Daily Reflection
February 25th, 2002
Dennis Hamm, S.J.
Theology Department
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Daniel 9:4-10
Psalm 79:8, 9, 11, 13
Luke 6:36-38

I read the prayer of Daniel 9 sitting here on sabbatical in Jerusalem, very much in the midst of bad news (the good news being that some people are waking up to the bad news).  As a professional student of Scripture, I know that the book of Daniel was written in the 160's B.C., when the people of Judah were suffering persecution from the Syrian tyrant Antiochus IV who liked to be called Epiphanes (that’s like saying, “Just call me God for short”).  The author of this apocalypse saw a parallel between his time and the time of the Babylonian Exile; so he uses the figure of Daniel, pictured as a refugee in Babylon, to present a model for Jewish fidelity against all odds in his own second-century B.C. time.  The author is saying, “We’ve got to pray a prayer of repentance like the one I’m putting into the mouth of Daniel during the similar experience our people had four hundred years ago.”

Notice that Daniel is not wallowing in personal guilt; he’s praying for all Israel, the collectivity of his people—“WE have sinned”—together.  And he agrees with the authors of the Deuteronomist history (that’s the books of Joshua, Judges, Samuel, and Kings) when they deal with the question: How is it that we— God’s chosen people—have wound up here in exile, without land, temple, and king?  There answer was, in a nutshell, “We have rebelled against our God by not keeping the covenant of Sinai.  For that we have been fittingly punished.  But if we repent, and resume worshiping our Creator by keeping the covenant again, we will again experience God’s fidelity to his promises, for God never breaks his part of the bargain.”

So around 167 B.C., some four centuries after the Babylonian exile, the author of Daniel is saying, “Folks, let’s face it: We may have returned to Judah and rebuilt the temple, but we’re still in a genuine exile—a spiritual exile, not fully in tune with God’s love for us, and God’s expectations of us.”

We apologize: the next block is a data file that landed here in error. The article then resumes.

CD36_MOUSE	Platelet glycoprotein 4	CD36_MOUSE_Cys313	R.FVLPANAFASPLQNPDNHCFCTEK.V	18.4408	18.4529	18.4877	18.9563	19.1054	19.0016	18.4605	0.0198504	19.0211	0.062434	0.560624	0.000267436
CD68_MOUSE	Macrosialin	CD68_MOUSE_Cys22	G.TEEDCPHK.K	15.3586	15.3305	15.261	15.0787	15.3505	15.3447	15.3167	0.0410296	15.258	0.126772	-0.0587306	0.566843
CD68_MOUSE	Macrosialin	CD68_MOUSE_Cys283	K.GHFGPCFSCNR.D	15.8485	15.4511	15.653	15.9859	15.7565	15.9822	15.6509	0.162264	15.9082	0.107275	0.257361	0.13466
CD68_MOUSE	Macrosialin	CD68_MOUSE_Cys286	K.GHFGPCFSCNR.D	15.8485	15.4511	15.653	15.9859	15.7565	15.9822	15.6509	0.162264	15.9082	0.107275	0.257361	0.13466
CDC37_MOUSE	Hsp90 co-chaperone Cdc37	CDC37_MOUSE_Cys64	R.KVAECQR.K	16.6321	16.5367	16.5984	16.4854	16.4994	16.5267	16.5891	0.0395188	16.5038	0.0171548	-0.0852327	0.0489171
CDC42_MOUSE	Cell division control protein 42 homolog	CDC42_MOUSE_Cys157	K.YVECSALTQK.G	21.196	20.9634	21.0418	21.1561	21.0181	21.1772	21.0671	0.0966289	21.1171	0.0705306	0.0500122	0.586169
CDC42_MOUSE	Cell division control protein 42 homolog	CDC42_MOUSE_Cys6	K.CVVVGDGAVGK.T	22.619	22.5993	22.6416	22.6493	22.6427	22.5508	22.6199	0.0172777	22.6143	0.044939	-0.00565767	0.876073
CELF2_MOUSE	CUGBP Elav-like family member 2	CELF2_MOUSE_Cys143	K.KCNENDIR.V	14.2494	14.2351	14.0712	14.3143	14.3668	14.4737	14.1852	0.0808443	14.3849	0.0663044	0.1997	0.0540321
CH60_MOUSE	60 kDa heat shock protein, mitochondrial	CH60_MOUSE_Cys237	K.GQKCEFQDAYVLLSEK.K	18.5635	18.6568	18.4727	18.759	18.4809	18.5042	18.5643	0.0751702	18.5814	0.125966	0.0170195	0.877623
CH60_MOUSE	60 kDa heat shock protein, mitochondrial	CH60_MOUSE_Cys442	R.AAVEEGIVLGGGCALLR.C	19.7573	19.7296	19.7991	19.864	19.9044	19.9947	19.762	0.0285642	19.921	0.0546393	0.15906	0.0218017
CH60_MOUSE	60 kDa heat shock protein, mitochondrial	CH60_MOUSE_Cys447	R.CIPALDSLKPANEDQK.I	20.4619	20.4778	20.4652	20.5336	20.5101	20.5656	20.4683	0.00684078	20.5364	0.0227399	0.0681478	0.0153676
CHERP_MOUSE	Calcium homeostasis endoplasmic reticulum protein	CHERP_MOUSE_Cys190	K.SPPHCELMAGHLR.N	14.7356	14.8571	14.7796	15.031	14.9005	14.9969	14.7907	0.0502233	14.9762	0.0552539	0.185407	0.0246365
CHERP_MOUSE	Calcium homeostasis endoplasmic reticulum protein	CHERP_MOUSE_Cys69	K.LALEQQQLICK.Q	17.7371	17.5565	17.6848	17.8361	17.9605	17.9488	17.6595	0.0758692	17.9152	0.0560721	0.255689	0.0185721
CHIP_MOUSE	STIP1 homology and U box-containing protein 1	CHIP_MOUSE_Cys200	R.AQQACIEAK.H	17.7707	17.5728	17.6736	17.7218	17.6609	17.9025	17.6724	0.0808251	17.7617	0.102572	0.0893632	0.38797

As I ponder this prayer in Jerusalem in February of 2002, I put on the “we” of Daniel’s prayer and find myself trying to pray it as a citizen of the United States.  And I find myself saying, “we have sinned.”

Forgive us, Lord, for focusing, Hollywood style, on the personalities of leaders (Mr. Sharon and Mr. Arafat) instead of the common good of the peoples they represent.  Help us to focus on the justice that achieving the common good requires.

Forgive us for cooperating with other nations only when it is in (what we perceive as) our own interest.

Forgive us for forgetting that six and a half billion of us share your gift of this ancient and fragile planet and for refusing to do our part in cutting back our pollution of the air we all breathe.

Forgive us for trusting so completely in the power of guns and bombs to solve political problems.

Forgive us for preferring to see life as a possession to be defended instead of a gift to be shared.

Forgive us for neglecting to tell the wielders of power what we think of their decisions when those decisions violate our sense of what is right.

Forgive us for thinking that Lent is about self-improvement instead of opening up to your view of the world and acting in that world as if you were truly its king.

Pardon me, dear reader, if this prayer has turned into a rant.  But when I take seriously Daniel’s “we,” a new awareness sets in and I have to pray it.  I pray for the grace to live it.

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